Declining Female Labour Force Participation | 20 Apr 2019

(This editorial is based on the article ‘Declining Female Labour Force Participation’ which appeared in 'The Economic and Political Weekly' on 20th April, 2019. The article talks about the importance of women in the labor force and the various challenges associated with it.)

Recently, contractors in Beed district of Maharashtra stopped hiring women cane cutters because, in their imagination, women who menstruate are likely to take breaks from work and this may adversely affect productivity.

In fact, irrespective of gender, any breaks taken by contracted labor results in the contractors incurring heavy financial penalties. As a result of this about half of the women in some villages of Beed district have undergone hysterectomies (i.e the surgical removal of the uterus).

India is trying very hard to become a superpower and to realize its dreams every stakeholder needs to be held accountable and every resource needs to be used. Gender equality in every field is a given requisite for this which therefore warrants a closer look at the labor force participation in India.

The case in point

  • It is well known that in the informal sector in India, most occupations dominated by women are undervalued and underpaid.
    • The case of the cane cutters in Beed only goes to illustrate that women are forced to lose an organ to even qualify as productive, let alone be considered equal or skilled labor.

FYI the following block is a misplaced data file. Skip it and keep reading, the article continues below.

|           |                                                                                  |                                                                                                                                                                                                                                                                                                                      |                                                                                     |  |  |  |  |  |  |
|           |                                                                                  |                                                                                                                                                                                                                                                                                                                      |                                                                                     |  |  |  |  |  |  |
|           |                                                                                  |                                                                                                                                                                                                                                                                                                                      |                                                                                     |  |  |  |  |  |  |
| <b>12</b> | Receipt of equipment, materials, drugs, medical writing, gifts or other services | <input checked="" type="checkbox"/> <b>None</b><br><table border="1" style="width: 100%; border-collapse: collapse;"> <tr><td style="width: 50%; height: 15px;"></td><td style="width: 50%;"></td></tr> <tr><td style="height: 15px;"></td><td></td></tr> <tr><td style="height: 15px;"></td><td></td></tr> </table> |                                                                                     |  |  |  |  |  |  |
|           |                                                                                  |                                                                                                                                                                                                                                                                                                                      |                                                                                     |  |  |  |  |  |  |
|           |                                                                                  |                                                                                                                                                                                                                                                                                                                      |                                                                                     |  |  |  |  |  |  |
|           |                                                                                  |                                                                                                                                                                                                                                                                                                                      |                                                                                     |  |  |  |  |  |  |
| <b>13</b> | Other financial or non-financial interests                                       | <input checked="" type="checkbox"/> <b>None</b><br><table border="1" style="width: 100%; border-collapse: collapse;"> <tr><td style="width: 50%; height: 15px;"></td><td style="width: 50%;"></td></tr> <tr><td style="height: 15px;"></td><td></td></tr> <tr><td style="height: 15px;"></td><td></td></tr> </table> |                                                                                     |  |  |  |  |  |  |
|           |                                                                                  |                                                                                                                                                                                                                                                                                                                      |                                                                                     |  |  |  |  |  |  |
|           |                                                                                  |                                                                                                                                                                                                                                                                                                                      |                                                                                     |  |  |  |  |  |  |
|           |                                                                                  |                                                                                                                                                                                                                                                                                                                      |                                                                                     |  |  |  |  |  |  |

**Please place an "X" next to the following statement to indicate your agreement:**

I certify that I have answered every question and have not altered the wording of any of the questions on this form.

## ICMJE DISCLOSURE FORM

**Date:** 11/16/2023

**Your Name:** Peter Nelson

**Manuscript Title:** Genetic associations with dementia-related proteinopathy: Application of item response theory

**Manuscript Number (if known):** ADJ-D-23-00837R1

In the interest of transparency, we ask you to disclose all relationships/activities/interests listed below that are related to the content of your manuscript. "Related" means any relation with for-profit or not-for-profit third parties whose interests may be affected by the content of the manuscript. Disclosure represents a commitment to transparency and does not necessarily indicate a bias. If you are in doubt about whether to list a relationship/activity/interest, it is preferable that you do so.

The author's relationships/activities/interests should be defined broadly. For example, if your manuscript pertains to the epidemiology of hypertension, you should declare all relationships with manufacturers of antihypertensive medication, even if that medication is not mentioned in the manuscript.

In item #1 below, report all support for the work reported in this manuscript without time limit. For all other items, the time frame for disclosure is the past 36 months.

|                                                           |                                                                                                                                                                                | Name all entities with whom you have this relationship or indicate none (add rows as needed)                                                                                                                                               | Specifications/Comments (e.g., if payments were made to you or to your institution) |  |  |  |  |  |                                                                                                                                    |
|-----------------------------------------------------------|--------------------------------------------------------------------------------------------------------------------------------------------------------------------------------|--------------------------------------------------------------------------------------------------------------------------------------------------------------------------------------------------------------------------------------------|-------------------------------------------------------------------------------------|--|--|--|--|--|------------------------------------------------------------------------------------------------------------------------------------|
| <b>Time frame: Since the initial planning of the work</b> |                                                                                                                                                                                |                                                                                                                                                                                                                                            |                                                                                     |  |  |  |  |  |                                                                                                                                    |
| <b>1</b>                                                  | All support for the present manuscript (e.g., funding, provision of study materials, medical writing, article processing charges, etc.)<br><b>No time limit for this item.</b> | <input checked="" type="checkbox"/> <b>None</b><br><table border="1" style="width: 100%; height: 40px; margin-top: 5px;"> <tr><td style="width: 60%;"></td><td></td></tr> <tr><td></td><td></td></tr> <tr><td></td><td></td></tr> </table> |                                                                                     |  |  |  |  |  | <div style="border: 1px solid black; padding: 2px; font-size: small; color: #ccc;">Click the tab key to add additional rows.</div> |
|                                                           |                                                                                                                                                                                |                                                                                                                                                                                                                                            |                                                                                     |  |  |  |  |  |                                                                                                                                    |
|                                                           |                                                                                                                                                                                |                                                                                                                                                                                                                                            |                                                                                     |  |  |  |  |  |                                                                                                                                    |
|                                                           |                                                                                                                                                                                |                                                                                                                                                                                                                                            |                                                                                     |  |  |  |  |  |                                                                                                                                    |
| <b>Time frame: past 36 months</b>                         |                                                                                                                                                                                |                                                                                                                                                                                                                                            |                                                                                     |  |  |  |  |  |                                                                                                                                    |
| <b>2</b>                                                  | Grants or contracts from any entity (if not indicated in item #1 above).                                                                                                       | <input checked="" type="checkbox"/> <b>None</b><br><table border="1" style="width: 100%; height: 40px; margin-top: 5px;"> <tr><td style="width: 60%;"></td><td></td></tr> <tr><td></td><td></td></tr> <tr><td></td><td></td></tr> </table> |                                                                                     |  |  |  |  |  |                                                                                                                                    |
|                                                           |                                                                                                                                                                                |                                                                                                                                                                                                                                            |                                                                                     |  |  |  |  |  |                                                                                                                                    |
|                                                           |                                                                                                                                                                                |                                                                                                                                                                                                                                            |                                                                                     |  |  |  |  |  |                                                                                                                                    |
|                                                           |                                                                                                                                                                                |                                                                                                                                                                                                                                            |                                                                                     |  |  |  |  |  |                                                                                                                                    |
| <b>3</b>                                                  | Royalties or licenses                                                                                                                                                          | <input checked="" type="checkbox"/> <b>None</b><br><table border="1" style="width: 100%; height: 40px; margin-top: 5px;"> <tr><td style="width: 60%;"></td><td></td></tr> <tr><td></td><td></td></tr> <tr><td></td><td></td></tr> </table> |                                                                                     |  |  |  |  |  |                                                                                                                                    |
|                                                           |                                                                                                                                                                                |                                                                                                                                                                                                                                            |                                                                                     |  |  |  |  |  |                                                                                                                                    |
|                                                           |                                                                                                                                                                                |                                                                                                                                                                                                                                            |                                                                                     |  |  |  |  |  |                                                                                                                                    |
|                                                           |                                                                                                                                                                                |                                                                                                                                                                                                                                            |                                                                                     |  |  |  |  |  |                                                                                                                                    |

• The devaluation of women’s labor is also accompanied by casteist and patriarchal notions of purity and pollution where women are prohibited from certain jobs, especially in the food processing, sericulture, and garment industries.
  • The employers’ or contractors’ rationality, in most cases, is based on the principle of “optimum use” of labor power. Anything that counters this principle or prevents the maximization of profits is either excluded or manipulated.


  • According to the International Labour Organization’s (ILO) Report, 2019:
    • 1.3 billion Women were in work in 2018 as compared to 2 billion men – a less than 2% improvement in last 27 years.
    • The report highlighted that women are paid 20% lower than men, as a global average.
    • Women remain underrepresented at the top, a situation that has changed very little in the last 30 years. Less than one-third of managers are women.
  • The female labor force participation rate (FLFPR) in India has been one of the lowest among the emerging economies and has been falling over time. This has resulted in a decrease in the ratio of working females to the population of females in the working age group.